About five years ago, actor Adrian Enscoe was busking at a New York City subway station when fellow actor and cellist Sydney Shepherd stopped to listen to his music. This happenstance evolved into a romantic and musical relationship. Shepherd’s college friend, musical collaborator, fellow actor, and multi-instrumentalist, Regina Strayhorn, later moved to New York and joined in the musical merrymaking. The trio became the Brooklyn-based Bandits on the Run, with the New York City subway system being the folk and pop band’s initial main stage. Expanding on the bandits theme, each took on an alias, Enscoe as Roy Dodger, Shepherd as Bonanza Jellyfish, and Strayhorn as simply Clarissa. Since then, the trio has scored films, performed in countless music clubs, and recorded original songs. Bandits on the Run released a debut album, The Criminal Record, in 2017. A Live at the Power Station four-song EP was released on August 16, 2019.
Bandits on the Run returned to Mercury Lounge and restaged the party atmosphere of the trio’s free public performances. Each member took a foundation of folk and gave it a lively pop spin for a clean sound bristling with familiar retro roots. As the songs’ arrangements dictated, Shepherd often bowed her cello, Enscoe played an acoustic guitar with his hands and a suitcase drum with his right foot, and Strayhorn played accordion and melodica. The three-part harmonies, forged in the hollow and echoing caverns of New York’s underground, proved riveting. With no synthesizers or backing tracks to fill the sound, the songs sounded fresh, honest, and homey. Uncluttered transferences from verses to choruses allowed the listener to enjoy the beauty of each instrument, requiring little imagination to hear how the sweetness of a cello, the frenzy of an accordion, or the joy of galloping three-part harmonies brought a minimalist symphony of sound to the hearts and souls of the listeners. Here, three musicians made robust music that popped and swayed. It surely would make any routine commute a lot more enjoyable.
The Wandering Hearts/Mercury Lounge/October 1, 2019
In 2015 in London, Tara Wilcox operated her own singing school and Tim Prottey-Jones was a multi-instrumentalist session musician, singer, and musical theater actor. The two met when they both performed at a music venue and discovered that they had similar musical inspirations and aspirations. As they started to sing together, friends introduced them to vocalist/guitarist A.J. Dean (formerly of the Bluejays) and vocalist/mandolin player Francesca “Chess” Whiffin, also a former musical theater performer. The acoustic alt-country/folk/pop quartet initially called itself the Paper Hearts and uploaded two songs onto the internet. Within 30 minutes, the group was “discovered,” and, within a month, the group had a recording contract. The band changed its name to the Wandering Hearts, recorded a debut album, began playing at festivals, and won the coveted Bob Harris Emerging Artist Award at the UK Americana Awards. The Wandering Hearts so far released one studio album, 2018’s Wild Silence.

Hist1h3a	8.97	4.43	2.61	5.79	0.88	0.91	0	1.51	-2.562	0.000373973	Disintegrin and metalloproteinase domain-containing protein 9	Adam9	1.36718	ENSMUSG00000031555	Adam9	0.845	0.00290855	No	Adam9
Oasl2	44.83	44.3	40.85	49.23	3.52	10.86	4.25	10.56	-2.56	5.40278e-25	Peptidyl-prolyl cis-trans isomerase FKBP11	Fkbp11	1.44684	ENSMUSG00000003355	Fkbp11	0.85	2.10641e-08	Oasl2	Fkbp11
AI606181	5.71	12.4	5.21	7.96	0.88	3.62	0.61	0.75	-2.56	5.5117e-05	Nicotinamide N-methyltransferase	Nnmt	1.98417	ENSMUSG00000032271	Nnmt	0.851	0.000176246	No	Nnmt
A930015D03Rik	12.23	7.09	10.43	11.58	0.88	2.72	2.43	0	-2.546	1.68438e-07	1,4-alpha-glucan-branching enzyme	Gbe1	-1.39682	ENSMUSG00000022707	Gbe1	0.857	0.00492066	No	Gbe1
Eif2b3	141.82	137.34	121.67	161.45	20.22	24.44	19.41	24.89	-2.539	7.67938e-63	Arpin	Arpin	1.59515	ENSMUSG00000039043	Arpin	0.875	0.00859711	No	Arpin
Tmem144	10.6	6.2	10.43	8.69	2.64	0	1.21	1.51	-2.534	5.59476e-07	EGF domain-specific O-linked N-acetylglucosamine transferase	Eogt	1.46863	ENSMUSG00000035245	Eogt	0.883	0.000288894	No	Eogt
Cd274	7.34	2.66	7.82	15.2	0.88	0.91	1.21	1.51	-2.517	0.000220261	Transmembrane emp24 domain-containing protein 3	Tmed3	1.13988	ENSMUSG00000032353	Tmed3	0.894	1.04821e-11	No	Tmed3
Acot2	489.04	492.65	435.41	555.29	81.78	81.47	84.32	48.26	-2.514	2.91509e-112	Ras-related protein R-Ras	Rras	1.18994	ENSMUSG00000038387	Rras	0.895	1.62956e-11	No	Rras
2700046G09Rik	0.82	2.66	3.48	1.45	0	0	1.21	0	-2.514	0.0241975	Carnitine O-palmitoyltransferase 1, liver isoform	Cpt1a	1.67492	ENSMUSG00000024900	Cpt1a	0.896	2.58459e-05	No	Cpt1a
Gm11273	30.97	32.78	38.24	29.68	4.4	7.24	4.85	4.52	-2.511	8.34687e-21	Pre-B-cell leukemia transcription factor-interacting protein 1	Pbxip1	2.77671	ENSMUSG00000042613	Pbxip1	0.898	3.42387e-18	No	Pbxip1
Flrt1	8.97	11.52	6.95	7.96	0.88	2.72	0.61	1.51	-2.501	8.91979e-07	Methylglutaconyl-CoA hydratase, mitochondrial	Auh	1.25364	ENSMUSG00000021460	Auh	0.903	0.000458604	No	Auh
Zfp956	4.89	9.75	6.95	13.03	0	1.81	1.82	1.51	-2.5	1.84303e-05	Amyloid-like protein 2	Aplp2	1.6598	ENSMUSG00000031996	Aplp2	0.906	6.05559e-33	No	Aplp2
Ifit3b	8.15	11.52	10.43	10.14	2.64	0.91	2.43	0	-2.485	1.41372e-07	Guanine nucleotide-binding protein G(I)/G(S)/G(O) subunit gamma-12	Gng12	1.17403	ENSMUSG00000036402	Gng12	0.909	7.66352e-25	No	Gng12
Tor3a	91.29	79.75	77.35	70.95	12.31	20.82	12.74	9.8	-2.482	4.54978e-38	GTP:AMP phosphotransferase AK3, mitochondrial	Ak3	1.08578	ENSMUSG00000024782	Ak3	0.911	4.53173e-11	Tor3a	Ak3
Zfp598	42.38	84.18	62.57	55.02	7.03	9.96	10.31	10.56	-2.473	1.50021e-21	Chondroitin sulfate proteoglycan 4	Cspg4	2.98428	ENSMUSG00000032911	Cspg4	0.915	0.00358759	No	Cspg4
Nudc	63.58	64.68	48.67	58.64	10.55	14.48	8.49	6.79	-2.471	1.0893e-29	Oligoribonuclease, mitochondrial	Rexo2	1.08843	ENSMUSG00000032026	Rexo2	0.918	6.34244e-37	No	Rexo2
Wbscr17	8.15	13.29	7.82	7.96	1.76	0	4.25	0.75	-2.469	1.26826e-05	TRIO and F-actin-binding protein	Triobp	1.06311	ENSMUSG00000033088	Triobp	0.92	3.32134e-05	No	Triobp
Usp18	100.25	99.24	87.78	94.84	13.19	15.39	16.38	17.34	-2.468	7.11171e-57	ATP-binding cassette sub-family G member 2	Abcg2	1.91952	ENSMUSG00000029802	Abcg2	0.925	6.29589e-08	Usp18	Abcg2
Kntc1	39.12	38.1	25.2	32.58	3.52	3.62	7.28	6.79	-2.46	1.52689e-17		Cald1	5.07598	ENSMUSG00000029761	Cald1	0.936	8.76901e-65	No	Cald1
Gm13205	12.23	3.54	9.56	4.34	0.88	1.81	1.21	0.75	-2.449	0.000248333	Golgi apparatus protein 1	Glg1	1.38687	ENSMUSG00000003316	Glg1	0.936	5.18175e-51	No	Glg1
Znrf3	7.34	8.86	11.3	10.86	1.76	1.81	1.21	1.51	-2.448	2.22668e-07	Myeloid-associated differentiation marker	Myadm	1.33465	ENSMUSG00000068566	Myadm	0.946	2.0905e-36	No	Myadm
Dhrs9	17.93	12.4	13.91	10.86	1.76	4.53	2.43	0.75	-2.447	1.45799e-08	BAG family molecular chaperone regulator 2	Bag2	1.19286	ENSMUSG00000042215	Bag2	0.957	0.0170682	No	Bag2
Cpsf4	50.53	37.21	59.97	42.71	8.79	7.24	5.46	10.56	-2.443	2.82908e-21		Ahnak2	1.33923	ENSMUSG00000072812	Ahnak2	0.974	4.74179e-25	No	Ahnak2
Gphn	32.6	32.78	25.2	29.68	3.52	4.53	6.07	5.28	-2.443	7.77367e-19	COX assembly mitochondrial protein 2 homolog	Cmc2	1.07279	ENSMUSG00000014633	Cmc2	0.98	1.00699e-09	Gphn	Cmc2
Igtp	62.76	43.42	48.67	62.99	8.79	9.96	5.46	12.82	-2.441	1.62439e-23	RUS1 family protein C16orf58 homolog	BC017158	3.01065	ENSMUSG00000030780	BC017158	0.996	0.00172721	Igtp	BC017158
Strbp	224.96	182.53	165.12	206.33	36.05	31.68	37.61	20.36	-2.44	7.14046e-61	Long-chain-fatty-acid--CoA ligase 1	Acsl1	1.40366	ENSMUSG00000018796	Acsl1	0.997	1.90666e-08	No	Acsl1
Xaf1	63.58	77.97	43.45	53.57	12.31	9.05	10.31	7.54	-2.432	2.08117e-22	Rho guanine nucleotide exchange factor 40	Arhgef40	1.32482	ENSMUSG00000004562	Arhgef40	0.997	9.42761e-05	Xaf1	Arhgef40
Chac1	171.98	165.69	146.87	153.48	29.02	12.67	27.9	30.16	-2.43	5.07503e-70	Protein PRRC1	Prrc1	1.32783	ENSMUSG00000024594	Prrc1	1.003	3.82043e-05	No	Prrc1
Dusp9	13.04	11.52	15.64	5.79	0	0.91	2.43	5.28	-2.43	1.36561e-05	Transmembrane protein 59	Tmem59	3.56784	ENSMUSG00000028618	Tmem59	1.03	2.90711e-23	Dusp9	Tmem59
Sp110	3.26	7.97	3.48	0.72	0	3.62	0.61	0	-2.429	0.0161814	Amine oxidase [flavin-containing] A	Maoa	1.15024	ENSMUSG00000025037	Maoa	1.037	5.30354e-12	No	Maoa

Great Britain has its own folk music, but a rising number of British bands are following the steps of Mumford & Sons in embracing Americana music and giving it a pop veneer. The Wandering Hearts may be the next band to cross over. Headlining at Mercury Lounge, the quartet was equal parts back porch hoedown and Fleetwood Mac pop. Accompanied by two acoustic guitars, an occasional mandolin and a tambourine, the group’s big sound pivoted on sweet and seamless two, three, and four-part harmonies. Speedy finger-picking and joyful, rousing choruses then punctuated the songs. The arrangements were simple but were burnished for flawless perfection. Many of the current stateside Americana bands could pick up a few pointers from the Wandering Hearts.